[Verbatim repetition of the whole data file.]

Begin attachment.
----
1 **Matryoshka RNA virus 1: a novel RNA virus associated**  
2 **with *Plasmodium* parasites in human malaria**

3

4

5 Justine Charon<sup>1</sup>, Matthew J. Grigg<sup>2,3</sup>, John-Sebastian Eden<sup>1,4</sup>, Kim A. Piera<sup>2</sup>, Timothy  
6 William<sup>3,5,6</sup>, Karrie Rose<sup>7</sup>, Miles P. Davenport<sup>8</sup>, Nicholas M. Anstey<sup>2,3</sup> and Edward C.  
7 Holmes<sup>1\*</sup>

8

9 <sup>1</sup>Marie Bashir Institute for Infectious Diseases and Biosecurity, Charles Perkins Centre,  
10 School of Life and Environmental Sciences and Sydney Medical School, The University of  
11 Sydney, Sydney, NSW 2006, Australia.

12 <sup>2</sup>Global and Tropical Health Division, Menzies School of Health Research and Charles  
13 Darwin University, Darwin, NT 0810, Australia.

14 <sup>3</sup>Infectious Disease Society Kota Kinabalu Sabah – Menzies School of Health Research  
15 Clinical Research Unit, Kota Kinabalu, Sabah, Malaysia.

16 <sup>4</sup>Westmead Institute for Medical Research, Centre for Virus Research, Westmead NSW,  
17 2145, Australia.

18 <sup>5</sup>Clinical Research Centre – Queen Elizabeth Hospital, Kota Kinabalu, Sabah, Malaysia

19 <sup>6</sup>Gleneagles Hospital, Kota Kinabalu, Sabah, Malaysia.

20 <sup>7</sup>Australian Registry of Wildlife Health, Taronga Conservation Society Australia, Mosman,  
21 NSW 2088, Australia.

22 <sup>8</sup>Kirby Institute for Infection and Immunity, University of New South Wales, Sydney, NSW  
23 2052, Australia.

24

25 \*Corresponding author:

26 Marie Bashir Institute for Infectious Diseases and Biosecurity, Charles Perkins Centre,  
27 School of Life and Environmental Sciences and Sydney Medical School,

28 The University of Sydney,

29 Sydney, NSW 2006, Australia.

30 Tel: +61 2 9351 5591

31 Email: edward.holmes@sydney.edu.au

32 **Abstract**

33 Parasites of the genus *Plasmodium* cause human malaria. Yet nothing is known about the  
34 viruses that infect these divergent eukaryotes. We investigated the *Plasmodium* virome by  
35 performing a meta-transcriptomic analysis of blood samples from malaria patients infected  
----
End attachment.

1 **Matryoshka RNA virus 1: a novel RNA virus associated**  
2 **with *Plasmodium* parasites in human malaria**

3

4

5 Justine Charon<sup>1</sup>, Matthew J. Grigg<sup>2,3</sup>, John-Sebastian Eden<sup>1,4</sup>, Kim A. Piera<sup>2</sup>, Timothy  
6 William<sup>3,5,6</sup>, Karrie Rose<sup>7</sup>, Miles P. Davenport<sup>8</sup>, Nicholas M. Anstey<sup>2,3</sup> and Edward C.  
7 Holmes<sup>1\*</sup>

8

9 <sup>1</sup>Marie Bashir Institute for Infectious Diseases and Biosecurity, Charles Perkins Centre,  
10 School of Life and Environmental Sciences and Sydney Medical School, The University of  
11 Sydney, Sydney, NSW 2006, Australia.

12 <sup>2</sup>Global and Tropical Health Division, Menzies School of Health Research and Charles  
13 Darwin University, Darwin, NT 0810, Australia.

14 <sup>3</sup>Infectious Disease Society Kota Kinabalu Sabah – Menzies School of Health Research  
15 Clinical Research Unit, Kota Kinabalu, Sabah, Malaysia.

16 <sup>4</sup>Westmead Institute for Medical Research, Centre for Virus Research, Westmead NSW,  
17 2145, Australia.

18 <sup>5</sup>Clinical Research Centre – Queen Elizabeth Hospital, Kota Kinabalu, Sabah, Malaysia

19 <sup>6</sup>Gleneagles Hospital, Kota Kinabalu, Sabah, Malaysia.

20 <sup>7</sup>Australian Registry of Wildlife Health, Taronga Conservation Society Australia, Mosman,  
21 NSW 2088, Australia.

22 <sup>8</sup>Kirby Institute for Infection and Immunity, University of New South Wales, Sydney, NSW  
23 2052, Australia.

24

25 \*Corresponding author:

26 Marie Bashir Institute for Infectious Diseases and Biosecurity, Charles Perkins Centre,  
27 School of Life and Environmental Sciences and Sydney Medical School,

28 The University of Sydney,

29 Sydney, NSW 2006, Australia.

30 Tel: +61 2 9351 5591

31 Email: edward.holmes@sydney.edu.au

32 **Abstract**

33 Parasites of the genus *Plasmodium* cause human malaria. Yet nothing is known about the  
34 viruses that infect these divergent eukaryotes. We investigated the *Plasmodium* virome by  
35 performing a meta-transcriptomic analysis of blood samples from malaria patients infected  